The Maronites “reformed” their liturgical books in a Bugninian way in the early/mid 70s of the last century. On the one hand, the reform was more historically and textually true to their historical West Syrian tradition than the reform of the Roman Rite was to the longaeval tradition of the Roman Church (i.e., without fanciful obtrusions such as “the sign of peace” or “communion in the hand” and the like). On the other hand, as part of this “reform” the Maronite authorities mandated “Mass facing the people” everywhere outside their Lebanese homeland, where it was made optional – and by the mid 90s it had become almost universal in cities in Lebanon, but considerably less so in the countryside. The other disgusting feature of this “reform” was the manner in which prayers were ham-fistedly abbreviated. The West Syrian liturgical tradition has a plethora of anaphoras (Eucharistic prayers), at least 76 of which could be found in the liturgical books of that tradition (Maronite/Syriac Orthodox/Syrian Catholic) down to the 15th/16th centuries – but by the 20th Century this had been reduced to six among the Maronites.
The “reform” of the 70s brought a number of them back into use – but also mangled them. Take, for example – I am being a bit subjective here – that beautiful elegant (and rather long) anaphora, the Anaphora of St. James the Just, the “Adelphotheos.” This was once the anaphora of the Church of Jerusalem, arguably composed (or compiled) by St, Cyril of Jerusalem (d. 386), and adopted far and wide throughout the Greek and Syriac East.. In its Maronite “reformed” form whole paragraphs of that prayer are either altogether omitted or ham-fistedly abbreviated – so much so that it is distressing for me to hear it prayed at a Maronite liturgy, since it has been made, as it were, a euchological eunuch. And other prayers have been treated in like manner. I have been to Maronite Masses in the USA where there were choirs of young folk belting out hymns to guitar accompaniment, with the priest-celebrant crooning out tunes as well.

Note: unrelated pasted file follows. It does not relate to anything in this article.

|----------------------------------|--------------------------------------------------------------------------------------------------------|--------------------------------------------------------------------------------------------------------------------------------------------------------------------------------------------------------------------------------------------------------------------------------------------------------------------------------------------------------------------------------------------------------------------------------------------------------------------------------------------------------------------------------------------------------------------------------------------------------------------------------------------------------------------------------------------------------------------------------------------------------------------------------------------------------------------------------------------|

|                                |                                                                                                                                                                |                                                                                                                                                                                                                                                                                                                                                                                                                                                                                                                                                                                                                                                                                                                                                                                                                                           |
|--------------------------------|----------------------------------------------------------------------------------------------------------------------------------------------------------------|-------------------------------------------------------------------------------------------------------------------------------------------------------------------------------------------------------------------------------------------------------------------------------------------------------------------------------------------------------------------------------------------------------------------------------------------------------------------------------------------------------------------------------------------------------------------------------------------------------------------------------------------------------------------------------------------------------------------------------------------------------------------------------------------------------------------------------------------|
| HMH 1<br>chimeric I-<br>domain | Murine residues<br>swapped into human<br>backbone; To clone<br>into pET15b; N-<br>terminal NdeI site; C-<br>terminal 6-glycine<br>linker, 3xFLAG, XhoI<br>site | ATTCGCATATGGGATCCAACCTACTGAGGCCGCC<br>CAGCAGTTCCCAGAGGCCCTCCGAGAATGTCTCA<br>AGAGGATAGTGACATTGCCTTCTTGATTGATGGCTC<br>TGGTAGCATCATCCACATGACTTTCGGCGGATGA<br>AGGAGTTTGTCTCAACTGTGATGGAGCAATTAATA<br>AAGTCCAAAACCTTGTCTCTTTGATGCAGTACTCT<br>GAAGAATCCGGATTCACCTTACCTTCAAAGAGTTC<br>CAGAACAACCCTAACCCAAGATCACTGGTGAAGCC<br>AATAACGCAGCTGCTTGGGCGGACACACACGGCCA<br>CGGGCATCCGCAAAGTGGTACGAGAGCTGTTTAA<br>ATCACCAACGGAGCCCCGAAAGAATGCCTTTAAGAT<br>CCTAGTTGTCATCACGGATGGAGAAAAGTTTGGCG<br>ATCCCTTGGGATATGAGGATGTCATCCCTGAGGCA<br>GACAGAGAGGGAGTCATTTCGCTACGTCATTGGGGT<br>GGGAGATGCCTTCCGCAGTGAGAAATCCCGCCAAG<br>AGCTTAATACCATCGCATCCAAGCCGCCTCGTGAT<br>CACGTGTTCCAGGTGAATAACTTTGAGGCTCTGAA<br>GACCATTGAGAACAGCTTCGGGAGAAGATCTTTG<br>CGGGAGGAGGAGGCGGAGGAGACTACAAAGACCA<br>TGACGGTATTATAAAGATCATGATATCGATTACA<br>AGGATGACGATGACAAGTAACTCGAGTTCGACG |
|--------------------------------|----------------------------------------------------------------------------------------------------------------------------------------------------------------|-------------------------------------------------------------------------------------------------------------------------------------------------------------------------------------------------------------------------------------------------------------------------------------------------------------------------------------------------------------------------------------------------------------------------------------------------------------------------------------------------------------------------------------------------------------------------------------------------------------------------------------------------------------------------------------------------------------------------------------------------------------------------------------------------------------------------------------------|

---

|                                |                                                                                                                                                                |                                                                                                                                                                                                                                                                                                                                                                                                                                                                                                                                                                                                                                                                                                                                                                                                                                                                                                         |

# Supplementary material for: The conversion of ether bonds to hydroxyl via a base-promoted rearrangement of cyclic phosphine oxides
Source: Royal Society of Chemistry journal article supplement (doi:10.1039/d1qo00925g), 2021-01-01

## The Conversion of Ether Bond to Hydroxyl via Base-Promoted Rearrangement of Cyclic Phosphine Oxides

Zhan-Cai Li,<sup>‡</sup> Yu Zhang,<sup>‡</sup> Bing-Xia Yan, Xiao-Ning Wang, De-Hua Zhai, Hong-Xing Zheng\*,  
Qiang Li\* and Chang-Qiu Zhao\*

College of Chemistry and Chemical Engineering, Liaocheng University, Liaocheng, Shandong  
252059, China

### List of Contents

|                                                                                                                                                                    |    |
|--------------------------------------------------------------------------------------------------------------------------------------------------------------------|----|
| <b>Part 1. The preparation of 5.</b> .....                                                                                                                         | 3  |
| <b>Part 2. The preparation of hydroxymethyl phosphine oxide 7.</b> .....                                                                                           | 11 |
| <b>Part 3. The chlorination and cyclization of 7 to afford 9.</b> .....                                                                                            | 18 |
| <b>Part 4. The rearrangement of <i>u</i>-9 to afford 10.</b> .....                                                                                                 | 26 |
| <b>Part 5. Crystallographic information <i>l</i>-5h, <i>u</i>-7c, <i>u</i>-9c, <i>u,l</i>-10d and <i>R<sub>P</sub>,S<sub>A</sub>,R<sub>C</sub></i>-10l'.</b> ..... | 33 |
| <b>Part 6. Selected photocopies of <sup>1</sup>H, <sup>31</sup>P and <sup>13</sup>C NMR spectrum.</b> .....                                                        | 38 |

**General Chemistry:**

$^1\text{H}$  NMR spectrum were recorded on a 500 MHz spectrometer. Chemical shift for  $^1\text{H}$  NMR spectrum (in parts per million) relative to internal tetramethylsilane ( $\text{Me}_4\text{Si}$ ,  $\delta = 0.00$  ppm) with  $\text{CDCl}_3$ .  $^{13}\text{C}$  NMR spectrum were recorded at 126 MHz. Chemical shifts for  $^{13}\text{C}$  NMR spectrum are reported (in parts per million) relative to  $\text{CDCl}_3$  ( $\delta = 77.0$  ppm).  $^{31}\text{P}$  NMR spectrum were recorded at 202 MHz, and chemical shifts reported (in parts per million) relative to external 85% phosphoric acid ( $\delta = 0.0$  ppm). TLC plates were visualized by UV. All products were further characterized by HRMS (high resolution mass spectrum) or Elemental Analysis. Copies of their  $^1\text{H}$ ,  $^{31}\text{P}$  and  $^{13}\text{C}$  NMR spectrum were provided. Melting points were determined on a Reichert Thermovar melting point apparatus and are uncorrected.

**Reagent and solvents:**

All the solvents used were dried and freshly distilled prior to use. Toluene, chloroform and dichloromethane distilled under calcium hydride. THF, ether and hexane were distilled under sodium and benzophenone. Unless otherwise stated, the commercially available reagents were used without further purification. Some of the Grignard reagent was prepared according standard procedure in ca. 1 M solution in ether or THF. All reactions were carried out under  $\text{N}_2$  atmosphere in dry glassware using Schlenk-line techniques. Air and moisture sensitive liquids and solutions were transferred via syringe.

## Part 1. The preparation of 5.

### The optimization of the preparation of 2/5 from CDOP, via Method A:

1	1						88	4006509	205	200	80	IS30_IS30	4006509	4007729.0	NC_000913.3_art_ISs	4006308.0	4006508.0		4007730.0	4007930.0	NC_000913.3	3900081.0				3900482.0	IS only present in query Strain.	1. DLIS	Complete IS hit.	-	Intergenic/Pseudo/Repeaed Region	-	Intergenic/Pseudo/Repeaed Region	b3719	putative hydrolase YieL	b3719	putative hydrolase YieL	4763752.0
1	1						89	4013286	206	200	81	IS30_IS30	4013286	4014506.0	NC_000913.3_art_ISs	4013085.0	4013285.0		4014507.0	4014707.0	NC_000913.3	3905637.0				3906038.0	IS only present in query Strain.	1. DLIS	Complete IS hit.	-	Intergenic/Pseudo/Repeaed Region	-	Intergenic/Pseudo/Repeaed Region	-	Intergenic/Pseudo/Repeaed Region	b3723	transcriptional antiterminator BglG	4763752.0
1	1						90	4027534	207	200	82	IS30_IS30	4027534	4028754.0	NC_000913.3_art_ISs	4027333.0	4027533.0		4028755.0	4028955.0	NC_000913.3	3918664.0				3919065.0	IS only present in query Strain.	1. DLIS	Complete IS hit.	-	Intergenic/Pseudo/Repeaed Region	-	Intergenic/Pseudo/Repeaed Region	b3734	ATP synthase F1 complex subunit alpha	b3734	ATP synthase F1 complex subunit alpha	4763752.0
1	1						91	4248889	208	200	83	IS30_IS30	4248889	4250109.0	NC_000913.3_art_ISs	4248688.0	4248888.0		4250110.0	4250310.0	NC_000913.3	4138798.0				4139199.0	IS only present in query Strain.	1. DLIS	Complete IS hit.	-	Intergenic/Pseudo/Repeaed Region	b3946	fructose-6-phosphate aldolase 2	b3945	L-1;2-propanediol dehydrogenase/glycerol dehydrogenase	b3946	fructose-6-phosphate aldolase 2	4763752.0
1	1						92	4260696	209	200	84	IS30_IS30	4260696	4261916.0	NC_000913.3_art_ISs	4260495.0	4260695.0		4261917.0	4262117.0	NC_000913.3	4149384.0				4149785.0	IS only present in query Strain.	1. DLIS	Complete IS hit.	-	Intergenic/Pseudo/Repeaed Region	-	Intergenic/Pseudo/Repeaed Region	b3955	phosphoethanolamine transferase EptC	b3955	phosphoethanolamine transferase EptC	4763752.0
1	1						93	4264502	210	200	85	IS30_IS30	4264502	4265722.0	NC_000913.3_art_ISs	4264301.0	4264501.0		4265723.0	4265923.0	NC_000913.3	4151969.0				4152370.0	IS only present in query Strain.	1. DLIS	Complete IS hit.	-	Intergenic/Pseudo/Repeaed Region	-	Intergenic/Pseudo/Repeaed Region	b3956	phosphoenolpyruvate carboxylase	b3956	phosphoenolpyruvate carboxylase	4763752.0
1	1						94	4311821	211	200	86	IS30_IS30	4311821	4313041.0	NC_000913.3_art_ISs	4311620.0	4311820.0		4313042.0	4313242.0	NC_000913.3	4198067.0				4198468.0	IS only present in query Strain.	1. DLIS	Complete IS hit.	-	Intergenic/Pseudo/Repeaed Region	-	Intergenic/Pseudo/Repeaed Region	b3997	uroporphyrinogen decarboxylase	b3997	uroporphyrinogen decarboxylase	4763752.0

I gather that a number of non-Byzantine Eastern Catholic churches rushed to introduce “Mass facing the people” in the 70s, among them the Maronites, the Syrian Catholics, the Ethiopians, and the Chaldeans. In their world-wide synod which met in Rome in November 2005 – eheu, fugaces! – the Chaldean Catholic bishops resolved to eliminate “Mass facing the people” (as “alien to our tradition”), but I gather that the implementation of that resolution has been patchy at best.
Augustine Thompson O.P. says, it “is not in English as to its syntax, idiom, or even grammar (“Intercede to us for He”?!?).”